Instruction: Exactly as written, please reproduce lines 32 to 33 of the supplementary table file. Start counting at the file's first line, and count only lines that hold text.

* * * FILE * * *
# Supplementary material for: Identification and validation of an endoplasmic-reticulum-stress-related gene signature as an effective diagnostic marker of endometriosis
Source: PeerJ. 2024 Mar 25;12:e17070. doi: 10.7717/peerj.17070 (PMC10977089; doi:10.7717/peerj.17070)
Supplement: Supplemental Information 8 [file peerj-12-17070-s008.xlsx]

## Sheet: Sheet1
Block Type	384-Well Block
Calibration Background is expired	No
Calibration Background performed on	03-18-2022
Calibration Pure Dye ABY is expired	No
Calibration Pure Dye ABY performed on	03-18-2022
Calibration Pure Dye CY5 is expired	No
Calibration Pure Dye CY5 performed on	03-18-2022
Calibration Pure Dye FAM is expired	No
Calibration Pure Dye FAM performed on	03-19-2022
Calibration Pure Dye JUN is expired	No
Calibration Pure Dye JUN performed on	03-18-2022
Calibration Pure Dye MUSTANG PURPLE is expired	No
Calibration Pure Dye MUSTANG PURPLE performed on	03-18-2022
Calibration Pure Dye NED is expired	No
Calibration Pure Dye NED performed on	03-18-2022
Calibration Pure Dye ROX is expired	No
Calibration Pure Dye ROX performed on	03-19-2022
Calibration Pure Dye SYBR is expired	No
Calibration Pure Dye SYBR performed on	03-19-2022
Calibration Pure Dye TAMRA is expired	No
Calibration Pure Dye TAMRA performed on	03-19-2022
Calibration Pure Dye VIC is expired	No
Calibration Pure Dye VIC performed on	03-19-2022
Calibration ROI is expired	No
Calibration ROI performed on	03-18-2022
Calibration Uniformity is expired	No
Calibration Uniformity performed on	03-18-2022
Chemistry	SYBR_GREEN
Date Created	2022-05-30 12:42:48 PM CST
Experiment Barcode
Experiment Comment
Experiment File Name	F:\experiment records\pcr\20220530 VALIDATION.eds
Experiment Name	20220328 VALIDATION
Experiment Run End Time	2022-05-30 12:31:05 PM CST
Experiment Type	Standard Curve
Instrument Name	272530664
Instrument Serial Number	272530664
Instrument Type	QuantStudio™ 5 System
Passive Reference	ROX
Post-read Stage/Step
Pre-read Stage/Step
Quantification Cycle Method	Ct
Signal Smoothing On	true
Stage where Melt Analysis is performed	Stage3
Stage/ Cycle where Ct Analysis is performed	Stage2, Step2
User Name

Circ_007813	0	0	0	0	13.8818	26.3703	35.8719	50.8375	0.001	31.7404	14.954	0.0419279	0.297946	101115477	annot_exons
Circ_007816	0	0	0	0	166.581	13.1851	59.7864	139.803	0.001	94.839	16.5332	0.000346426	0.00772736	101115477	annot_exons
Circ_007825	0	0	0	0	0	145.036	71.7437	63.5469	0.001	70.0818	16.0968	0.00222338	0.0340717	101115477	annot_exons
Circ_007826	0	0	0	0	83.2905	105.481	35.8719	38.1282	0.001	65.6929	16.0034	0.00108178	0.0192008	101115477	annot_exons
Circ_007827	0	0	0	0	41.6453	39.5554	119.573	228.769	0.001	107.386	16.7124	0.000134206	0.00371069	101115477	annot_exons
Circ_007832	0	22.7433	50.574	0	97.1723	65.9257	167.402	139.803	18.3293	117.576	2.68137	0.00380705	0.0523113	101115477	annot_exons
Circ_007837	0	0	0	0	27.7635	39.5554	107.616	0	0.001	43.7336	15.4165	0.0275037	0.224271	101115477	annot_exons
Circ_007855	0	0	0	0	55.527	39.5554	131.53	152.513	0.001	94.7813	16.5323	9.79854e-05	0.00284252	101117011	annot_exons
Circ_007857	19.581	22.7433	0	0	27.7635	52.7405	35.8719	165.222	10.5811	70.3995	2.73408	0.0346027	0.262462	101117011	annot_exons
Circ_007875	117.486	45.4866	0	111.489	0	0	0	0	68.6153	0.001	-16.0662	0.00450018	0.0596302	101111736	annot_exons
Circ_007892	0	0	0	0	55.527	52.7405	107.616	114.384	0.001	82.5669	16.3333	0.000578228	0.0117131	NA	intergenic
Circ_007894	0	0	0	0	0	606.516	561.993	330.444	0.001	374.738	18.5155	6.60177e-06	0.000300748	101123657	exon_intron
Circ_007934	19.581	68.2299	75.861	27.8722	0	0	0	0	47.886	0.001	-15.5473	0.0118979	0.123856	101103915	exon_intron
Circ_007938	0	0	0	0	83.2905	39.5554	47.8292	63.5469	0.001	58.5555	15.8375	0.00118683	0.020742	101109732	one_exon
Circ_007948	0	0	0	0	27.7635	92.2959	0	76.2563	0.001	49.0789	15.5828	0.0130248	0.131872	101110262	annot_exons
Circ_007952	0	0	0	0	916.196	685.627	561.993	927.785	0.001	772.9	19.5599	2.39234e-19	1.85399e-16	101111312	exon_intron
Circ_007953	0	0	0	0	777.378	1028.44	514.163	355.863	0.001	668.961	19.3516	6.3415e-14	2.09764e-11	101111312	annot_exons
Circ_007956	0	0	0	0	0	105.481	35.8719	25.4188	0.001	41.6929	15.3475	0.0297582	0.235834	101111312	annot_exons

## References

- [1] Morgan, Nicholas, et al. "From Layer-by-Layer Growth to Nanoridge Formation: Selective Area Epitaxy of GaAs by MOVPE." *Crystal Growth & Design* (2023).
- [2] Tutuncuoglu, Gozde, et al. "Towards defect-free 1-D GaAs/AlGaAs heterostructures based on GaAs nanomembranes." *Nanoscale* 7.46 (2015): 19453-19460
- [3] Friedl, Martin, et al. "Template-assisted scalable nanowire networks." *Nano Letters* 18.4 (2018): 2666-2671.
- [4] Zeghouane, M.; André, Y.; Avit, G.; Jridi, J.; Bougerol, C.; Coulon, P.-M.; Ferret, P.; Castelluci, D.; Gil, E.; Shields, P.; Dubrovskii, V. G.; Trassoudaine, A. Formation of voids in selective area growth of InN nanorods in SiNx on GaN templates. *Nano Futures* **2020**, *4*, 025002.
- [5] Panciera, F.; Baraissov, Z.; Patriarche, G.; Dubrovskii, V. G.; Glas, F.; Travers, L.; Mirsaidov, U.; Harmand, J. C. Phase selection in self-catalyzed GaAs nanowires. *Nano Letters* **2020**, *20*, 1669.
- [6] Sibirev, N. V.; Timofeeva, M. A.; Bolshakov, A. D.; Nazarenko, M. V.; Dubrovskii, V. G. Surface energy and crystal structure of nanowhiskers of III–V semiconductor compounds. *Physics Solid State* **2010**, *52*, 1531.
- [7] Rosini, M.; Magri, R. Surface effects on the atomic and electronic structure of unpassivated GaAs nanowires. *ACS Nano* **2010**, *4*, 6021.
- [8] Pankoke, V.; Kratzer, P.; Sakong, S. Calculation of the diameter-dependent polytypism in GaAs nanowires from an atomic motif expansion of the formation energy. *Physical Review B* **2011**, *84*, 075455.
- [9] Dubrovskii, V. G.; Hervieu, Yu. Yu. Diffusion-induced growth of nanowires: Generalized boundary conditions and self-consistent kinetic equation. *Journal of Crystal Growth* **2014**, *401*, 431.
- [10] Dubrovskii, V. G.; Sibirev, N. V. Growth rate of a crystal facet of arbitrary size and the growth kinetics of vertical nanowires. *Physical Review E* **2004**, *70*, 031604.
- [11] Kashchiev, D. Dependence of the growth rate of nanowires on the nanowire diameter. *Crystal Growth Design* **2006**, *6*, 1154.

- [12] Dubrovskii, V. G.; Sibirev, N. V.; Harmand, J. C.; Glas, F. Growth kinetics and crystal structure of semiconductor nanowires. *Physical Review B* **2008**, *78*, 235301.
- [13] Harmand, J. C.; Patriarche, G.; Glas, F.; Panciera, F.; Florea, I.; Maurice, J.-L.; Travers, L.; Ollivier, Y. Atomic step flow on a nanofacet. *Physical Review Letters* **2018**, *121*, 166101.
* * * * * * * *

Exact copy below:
Chemistry	SYBR_GREEN
Date Created	2022-05-30 12:42:48 PM CST